In a breakthrough in environmental sensing and a new way to use junk data, the team uses “exhaust data” from cell phone towers to predict weather conditions by monitoring the speed of radio waves as they travel through humid air. This allows sensing of local environmental conditions anywhere there are cell towers–places that rarely have weather monitoring right now because traditional weather stations are too costly or the locations are too remote. It sounds simple, but it is critically important. Tracking the weather allows data scientists to connect that with all sorts of other information and, most immediately, to predict things like landslides. And to do so for people who live in the areas nearest the towers–typically shantytowns where populations are at greatest risk.
The project in Brazil has been running successfully for two years. If it continues to work, it is a risk management approach and toolkit that Planetary Skin Institute is planning to bring to the rest of the world–the next step in their evolution.
Planetary skin institute ALERTS: automated land change evaluation, reporting and tracking system by J. D. Stanley of the Planetary Skin Institute, Proceeding COM.Geo '11 Proceedings of the 2nd International Conference on Computing for Geospatial Research & Applications, Article No. 65, Washington, DC, USA — May 23 - 25, 2011.
Planetary Skin: A Global Platform for a New Era of Collaboration, Juan Carlos Castilla-Rubio and Simon Willis, 2009.
Complexity and uncertainty are hallmarks of the early 21st century, as recent developments in the global financial markets demonstrate all too vividly. Responses to the financial crisis have prominently featured demands for global coordination. Our economic woes, however, are dwarfed by the increasing threats of climate change and environmental degradation— and their attendant miseries, such as pandemics and poverty. Unprecedented global coordination and collaboration are the only ways to address these environmental dangers.
Actionable consensus on addressing climate change is now evident in public policy announcements from global leaders, and in the coalescing of private and public opinion that the world needs to address quickly and decisively the varied perils created by man-made climate change. At the World Economic Forum in 2009, public and private sector leaders outlined three basic requirements for mitigating and adapting to changing climate: (1) targets for countries that effectively put a price on carbon; (2) large-scale predictable and sustainable financing for mitigation and adaptation strategies, and, critically (3) the creation of a globally trusted mechanism for measurement, reporting, and verification (MRV).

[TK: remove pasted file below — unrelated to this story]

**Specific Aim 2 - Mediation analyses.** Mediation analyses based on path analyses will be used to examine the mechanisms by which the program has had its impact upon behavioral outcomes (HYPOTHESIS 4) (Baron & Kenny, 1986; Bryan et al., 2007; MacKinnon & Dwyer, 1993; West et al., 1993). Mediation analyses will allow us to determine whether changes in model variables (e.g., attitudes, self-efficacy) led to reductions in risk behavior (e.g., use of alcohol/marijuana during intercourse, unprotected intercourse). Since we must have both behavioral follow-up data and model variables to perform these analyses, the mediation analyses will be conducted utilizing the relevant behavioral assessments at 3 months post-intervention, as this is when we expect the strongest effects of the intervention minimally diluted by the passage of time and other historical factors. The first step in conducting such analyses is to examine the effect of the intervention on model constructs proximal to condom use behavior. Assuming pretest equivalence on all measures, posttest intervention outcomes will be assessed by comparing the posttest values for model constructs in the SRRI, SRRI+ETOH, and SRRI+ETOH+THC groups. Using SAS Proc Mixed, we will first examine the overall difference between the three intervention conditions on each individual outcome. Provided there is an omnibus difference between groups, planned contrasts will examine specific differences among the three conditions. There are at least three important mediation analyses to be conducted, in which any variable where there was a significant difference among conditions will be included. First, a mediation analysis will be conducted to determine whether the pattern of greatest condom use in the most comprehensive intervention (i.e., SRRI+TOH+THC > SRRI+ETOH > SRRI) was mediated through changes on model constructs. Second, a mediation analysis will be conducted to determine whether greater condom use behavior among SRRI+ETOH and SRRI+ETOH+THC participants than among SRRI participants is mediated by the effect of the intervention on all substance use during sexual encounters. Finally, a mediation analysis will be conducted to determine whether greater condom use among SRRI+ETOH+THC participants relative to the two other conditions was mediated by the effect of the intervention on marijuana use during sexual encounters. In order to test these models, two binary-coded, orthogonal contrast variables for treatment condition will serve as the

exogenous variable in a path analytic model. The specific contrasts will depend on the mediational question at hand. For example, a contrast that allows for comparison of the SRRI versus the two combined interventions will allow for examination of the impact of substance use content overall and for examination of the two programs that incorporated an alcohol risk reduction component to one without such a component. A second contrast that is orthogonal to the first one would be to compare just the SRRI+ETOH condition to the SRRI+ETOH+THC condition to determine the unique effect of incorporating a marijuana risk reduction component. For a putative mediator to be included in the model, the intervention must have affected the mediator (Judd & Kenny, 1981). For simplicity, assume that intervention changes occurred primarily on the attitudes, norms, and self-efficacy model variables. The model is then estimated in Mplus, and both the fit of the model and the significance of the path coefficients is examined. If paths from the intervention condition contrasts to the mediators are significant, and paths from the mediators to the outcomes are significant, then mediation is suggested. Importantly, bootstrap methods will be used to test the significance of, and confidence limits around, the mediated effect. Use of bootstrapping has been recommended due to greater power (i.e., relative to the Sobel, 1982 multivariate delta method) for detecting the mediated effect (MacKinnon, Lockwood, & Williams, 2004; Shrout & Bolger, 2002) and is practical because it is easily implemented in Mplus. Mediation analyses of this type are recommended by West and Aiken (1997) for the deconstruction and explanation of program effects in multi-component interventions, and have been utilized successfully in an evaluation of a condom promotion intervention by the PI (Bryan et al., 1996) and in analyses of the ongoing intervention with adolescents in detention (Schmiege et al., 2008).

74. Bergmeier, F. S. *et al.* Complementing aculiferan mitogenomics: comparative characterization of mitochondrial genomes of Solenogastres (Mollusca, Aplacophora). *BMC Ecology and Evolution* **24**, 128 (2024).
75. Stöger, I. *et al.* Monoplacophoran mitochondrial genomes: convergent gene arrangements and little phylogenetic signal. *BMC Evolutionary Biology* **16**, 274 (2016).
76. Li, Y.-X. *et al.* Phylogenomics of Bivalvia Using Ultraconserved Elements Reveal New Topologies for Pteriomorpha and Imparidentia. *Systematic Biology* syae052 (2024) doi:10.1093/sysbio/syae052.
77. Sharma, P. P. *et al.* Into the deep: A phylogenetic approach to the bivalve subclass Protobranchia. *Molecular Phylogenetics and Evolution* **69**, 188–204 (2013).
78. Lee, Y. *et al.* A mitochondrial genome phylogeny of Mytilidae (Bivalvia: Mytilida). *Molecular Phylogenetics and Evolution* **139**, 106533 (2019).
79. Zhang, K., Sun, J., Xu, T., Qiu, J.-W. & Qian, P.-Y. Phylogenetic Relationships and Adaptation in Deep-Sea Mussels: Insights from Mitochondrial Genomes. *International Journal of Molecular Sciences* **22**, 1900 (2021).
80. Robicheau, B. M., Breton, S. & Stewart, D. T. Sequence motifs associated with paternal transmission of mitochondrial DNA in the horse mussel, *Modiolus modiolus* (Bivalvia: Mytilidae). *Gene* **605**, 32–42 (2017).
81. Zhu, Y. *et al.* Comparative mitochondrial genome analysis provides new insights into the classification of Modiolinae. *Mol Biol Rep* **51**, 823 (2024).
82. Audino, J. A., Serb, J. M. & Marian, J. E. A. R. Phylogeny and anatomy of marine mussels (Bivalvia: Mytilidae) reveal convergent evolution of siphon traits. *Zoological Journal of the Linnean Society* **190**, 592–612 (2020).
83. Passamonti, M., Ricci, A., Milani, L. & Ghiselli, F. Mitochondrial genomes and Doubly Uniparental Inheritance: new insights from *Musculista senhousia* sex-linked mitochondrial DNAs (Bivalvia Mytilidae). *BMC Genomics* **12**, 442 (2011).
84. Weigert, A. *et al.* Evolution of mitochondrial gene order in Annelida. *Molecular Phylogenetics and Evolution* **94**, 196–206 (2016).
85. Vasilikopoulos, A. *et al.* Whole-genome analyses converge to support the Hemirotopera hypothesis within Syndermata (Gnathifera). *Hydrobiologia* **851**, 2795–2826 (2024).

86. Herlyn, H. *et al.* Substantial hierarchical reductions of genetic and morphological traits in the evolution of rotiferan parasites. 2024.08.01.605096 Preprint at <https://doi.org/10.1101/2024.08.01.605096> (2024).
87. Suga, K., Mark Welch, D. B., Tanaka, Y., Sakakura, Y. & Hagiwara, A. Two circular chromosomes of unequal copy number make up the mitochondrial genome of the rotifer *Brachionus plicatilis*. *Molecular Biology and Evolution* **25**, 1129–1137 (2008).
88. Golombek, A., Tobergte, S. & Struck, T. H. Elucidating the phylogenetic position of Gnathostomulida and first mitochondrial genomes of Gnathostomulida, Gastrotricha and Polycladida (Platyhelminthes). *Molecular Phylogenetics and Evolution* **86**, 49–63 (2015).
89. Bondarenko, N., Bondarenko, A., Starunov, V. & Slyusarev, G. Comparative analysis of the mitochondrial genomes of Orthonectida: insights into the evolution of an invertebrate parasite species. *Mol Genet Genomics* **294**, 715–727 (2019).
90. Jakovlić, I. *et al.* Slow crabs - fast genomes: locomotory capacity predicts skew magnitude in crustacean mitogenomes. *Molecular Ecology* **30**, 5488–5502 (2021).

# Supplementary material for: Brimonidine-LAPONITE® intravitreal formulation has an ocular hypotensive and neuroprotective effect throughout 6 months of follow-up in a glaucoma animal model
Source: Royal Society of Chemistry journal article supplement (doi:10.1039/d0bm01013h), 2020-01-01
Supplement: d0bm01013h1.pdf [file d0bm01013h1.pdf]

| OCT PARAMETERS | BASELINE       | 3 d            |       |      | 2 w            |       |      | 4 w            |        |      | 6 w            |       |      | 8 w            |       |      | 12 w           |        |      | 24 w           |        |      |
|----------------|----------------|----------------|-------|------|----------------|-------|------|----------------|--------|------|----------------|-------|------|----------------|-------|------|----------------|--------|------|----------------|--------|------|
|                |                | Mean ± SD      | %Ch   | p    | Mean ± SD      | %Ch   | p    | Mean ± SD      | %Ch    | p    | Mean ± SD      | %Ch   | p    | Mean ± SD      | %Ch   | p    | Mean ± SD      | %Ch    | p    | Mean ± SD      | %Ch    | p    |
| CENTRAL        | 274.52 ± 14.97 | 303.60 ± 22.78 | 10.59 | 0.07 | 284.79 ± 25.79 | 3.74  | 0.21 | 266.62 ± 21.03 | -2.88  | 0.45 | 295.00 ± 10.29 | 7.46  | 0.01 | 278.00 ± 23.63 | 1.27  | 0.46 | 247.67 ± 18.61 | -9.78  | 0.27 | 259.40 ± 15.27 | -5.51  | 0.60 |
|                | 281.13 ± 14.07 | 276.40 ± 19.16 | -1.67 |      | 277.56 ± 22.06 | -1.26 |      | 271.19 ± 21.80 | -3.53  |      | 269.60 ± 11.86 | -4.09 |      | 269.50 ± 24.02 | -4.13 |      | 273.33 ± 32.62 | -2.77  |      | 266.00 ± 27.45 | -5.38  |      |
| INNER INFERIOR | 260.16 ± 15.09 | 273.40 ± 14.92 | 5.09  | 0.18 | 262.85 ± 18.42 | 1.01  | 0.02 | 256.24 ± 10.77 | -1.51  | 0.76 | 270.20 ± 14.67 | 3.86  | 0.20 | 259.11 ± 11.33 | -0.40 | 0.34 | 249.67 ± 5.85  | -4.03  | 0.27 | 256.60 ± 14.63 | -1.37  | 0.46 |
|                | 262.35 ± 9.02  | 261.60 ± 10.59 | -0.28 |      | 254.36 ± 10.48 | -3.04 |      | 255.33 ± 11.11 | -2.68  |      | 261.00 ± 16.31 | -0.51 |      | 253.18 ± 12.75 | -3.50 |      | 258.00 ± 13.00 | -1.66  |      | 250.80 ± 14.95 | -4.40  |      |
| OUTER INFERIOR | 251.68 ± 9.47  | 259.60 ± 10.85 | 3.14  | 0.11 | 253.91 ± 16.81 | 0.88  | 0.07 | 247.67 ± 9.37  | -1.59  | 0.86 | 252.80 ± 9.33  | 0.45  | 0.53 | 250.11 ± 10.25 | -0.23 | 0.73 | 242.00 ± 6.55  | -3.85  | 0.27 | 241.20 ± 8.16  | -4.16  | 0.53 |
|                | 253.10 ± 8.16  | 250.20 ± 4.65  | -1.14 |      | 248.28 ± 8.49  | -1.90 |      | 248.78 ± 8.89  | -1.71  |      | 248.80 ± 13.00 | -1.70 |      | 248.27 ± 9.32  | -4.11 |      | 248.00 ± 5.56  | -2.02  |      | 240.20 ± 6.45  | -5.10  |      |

While measurement is third on the list, it is the essential precondition to any creation of value, or to unlock financial flows. The simple axiom that “you can’t manage what you can’t measure” holds true—especially for the most complex challenges.
NASA and Cisco Systems Inc. are developing "Planetary Skin" -- a marriage of satellites, land sensors and the Internet -- to capture, analyze and interpret global environmental data. Under terms of an agreement announced during a Capitol Hill climate summit today, NASA and Cisco (Nasdaq: CSCO) will develop the online collaborative platform to process data from satellite, airborne and sea- and land-based sensors around the globe.
The goal is to translate the data into information that governments and businesses can use to mitigate and adapt to climate change and manage energy and natural resources more effectively, NASA and Cisco officials explained in interviews.
"There are a lot of data out there, but we have to turn that into information," explained S. Pete Worden, director of NASA's Ames Research Center. "What we are trying to do is use Cisco's expertise in data handling, put our data in there and explain what's really going on in the rainforests."
Indeed, the partners' first project, "Rainforest Skin," will focus on integrating a comprehensive sensor network in rainforests around the world. The project will examine how to capture, analyze and present information about the changes in the level of carbon dioxide -- the main heat-trapping gas -- in the Amazon and other areas. Information will be posted on the project's Web site.
Other projects during the next 18 months will look at changes in land use and water, Worden noted.
"This will begin to give us a sense of, if we pass cap and trade, is it working," he added.
Now about the project's name: "There are many layers of skin, of information, and this will help us understand all of the interconnected data," explained Worden, whose agency provides continuous global observations using satellites and other spacecraft.
Juan Carlos Castilla-Rubio, who directs Cisco's climate change practice, said the information should help companies manage environmental and financial risks in a carbon-constrained world.
"It's providing the support platforms for people to make decisions because today we fly blind," added Castilla-Rubio, whose San Jose, Calif.-based company specializes in Internet Protocol networking.
The Center for Global Development has developed a Web site of its own, called Carma (Carbon Monitoring for Action), which tracks emissions from 50,000 power plants around the world. The Washington, D.C.-based nonprofit research organization is also developing a way to monitor emissions savings from forest conservation.
"These investments in information now are absolutely critical," said Nancy Birdsall, the center's president, who participated in today's summit with Cisco Chairman and CEO John Chambers. "We have to create that information and track it over time if we're going to have any kind of system at a global level that people in this country and other countries can trust."
"We'll have to have ... something akin to independent monitoring," she added.